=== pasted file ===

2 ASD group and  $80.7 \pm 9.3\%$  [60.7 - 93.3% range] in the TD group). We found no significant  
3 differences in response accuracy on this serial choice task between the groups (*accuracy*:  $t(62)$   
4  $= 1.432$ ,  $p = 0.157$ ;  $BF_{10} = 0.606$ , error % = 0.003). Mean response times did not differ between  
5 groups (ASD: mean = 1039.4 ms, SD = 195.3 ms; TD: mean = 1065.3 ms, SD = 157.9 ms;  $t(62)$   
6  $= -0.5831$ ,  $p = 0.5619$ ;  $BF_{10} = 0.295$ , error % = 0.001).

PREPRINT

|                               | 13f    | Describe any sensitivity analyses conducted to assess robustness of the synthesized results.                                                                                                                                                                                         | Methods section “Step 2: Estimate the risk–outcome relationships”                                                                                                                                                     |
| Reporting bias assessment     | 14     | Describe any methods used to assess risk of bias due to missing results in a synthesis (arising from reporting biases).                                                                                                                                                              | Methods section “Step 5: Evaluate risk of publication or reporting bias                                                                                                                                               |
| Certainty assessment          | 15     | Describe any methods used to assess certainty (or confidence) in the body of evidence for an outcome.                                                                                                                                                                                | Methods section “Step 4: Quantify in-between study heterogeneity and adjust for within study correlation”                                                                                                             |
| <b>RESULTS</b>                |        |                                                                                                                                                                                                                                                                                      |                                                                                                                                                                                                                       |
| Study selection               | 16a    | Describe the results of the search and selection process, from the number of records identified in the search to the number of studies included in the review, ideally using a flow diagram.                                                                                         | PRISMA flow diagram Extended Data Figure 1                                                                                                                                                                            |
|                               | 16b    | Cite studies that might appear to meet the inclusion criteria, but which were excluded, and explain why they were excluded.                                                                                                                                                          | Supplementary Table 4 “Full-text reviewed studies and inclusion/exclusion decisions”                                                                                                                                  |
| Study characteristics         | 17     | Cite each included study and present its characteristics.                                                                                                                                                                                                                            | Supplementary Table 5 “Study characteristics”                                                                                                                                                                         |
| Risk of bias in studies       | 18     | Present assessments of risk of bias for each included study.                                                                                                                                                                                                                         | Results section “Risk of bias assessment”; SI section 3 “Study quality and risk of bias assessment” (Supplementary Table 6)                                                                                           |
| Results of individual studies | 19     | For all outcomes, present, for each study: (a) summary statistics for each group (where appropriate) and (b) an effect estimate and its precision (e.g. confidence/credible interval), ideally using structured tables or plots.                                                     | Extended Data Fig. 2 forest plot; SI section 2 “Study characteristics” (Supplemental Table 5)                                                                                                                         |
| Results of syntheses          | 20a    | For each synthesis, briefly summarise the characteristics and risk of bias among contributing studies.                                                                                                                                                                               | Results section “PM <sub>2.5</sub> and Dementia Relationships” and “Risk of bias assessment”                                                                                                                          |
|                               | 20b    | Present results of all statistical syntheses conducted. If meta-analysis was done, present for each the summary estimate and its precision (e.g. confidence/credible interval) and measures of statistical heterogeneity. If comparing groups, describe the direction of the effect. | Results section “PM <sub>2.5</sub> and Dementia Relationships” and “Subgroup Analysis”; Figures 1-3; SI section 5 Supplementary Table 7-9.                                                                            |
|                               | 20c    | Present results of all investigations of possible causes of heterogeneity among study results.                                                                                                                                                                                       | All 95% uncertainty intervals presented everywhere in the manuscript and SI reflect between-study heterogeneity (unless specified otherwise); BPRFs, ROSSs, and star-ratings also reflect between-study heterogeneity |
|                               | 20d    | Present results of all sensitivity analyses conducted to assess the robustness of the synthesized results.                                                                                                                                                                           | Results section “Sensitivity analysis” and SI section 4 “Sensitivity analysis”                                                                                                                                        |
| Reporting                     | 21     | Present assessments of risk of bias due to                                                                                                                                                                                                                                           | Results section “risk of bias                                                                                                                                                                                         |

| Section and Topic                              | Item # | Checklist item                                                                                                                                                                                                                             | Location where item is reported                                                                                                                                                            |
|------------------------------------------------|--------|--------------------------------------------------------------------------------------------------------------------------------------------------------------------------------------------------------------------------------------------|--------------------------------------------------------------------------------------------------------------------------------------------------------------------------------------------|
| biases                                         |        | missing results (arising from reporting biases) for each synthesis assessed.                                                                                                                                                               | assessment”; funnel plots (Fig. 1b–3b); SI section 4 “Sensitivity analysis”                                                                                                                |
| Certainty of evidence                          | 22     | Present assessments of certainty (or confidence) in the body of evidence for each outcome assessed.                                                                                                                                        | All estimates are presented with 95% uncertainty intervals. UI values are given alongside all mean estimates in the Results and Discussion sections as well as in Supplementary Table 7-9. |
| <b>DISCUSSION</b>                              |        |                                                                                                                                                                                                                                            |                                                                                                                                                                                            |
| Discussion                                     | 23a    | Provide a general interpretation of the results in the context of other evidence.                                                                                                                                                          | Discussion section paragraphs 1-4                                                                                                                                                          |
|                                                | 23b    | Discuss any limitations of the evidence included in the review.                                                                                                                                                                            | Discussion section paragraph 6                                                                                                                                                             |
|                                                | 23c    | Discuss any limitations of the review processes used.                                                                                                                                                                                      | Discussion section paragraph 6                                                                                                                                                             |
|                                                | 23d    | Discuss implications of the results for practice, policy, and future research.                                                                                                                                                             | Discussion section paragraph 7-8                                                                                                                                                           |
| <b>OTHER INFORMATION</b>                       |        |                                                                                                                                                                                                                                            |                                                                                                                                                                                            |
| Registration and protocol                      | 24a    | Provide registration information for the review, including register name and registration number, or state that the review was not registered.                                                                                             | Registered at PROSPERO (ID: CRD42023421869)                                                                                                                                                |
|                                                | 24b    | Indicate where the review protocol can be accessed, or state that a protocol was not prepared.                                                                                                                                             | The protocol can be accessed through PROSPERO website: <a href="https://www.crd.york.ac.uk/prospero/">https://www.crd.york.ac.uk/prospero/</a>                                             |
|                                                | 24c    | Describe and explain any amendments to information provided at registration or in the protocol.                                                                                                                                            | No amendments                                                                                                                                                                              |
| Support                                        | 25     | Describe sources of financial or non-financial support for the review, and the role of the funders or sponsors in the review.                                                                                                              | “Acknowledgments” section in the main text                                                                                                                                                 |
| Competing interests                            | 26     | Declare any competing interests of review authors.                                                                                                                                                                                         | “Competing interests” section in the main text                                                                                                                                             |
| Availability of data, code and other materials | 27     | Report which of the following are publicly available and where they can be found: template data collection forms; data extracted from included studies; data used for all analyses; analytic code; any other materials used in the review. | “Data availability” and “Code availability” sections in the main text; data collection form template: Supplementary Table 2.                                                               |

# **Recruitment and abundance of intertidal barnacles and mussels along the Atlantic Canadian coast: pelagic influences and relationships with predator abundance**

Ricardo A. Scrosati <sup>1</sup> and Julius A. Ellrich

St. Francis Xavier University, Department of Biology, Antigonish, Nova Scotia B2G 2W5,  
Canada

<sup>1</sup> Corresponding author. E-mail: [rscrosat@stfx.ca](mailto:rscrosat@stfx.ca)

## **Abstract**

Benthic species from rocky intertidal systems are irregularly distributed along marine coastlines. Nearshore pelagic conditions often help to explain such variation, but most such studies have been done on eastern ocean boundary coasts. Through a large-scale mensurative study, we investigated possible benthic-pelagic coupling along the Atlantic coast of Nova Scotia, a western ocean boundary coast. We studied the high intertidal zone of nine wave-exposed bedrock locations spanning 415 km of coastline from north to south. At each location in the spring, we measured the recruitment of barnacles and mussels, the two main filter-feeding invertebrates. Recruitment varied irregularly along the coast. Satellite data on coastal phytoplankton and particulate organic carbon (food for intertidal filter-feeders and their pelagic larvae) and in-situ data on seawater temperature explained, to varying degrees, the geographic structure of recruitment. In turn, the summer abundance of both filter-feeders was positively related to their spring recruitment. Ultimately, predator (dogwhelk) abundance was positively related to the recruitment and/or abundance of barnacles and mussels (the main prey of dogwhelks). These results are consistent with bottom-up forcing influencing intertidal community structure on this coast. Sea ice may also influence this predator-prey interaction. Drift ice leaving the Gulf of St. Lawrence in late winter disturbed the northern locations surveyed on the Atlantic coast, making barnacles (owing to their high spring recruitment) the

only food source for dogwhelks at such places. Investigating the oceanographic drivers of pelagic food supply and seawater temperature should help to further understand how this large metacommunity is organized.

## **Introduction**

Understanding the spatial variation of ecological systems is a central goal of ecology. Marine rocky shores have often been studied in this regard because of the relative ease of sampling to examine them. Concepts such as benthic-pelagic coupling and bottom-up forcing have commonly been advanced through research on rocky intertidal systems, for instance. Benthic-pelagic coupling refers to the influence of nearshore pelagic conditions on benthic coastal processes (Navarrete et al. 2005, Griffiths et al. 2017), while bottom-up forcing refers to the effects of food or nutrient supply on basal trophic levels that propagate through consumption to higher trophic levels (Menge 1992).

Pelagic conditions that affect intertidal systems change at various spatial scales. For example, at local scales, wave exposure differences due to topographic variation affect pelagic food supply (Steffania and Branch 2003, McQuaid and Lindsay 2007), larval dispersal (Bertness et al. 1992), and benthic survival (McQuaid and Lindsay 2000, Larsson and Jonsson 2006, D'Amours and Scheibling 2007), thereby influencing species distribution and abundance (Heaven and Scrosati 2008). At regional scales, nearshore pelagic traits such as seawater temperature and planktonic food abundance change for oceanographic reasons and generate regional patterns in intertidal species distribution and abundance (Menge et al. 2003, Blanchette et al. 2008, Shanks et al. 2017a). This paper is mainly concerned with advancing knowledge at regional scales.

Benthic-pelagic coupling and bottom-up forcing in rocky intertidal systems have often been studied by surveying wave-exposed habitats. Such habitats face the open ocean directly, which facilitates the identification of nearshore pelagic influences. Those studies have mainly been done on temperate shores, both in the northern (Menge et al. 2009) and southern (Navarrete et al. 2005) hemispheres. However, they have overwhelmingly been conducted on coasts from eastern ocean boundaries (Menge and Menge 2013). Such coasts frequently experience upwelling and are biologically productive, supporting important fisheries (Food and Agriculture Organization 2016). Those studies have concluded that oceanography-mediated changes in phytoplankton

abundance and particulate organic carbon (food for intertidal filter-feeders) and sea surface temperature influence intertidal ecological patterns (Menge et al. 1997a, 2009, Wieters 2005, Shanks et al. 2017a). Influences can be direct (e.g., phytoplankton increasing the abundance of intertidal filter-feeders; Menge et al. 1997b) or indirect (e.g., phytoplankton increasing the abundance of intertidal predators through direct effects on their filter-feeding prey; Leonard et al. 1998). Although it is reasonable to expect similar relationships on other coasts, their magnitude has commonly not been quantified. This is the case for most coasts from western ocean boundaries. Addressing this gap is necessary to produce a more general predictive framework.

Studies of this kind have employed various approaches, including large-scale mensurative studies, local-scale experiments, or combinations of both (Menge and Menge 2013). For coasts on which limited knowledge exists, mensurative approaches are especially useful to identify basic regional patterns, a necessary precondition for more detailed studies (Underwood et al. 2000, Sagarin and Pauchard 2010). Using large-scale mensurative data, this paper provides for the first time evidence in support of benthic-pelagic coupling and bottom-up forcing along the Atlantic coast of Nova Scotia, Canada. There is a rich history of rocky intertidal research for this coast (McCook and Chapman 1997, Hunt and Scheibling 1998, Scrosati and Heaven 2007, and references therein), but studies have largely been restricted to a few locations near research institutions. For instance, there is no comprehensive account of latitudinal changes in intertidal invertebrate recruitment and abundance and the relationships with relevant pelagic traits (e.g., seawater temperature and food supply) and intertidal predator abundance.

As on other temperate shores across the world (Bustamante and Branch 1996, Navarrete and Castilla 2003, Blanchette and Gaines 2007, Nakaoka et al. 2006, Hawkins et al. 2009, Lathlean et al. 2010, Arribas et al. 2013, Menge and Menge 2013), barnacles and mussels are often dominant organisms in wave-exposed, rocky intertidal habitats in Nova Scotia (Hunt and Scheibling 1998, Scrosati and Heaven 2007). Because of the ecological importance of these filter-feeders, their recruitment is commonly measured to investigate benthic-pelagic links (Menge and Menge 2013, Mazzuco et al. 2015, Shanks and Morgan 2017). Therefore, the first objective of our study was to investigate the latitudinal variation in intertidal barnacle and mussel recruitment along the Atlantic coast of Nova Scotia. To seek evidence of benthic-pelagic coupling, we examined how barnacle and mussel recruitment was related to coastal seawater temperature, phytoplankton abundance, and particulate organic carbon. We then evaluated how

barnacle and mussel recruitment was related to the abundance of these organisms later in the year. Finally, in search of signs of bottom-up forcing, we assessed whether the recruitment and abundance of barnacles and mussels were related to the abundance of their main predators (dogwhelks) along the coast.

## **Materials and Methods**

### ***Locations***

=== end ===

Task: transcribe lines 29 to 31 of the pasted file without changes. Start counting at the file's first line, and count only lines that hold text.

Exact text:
|                                                | 23d    | Discuss implications of the results for practice, policy, and future research.                                                                                                                                                             | Discussion section paragraph 7-8                                                                                                                                                           |
| <b>OTHER INFORMATION</b>                       |        |                                                                                                                                                                                                                                            |                                                                                                                                                                                            |
| Registration and protocol                      | 24a    | Provide registration information for the review, including register name and registration number, or state that the review was not registered.                                                                                             | Registered at PROSPERO (ID: CRD42023421869)                                                                                                                                                |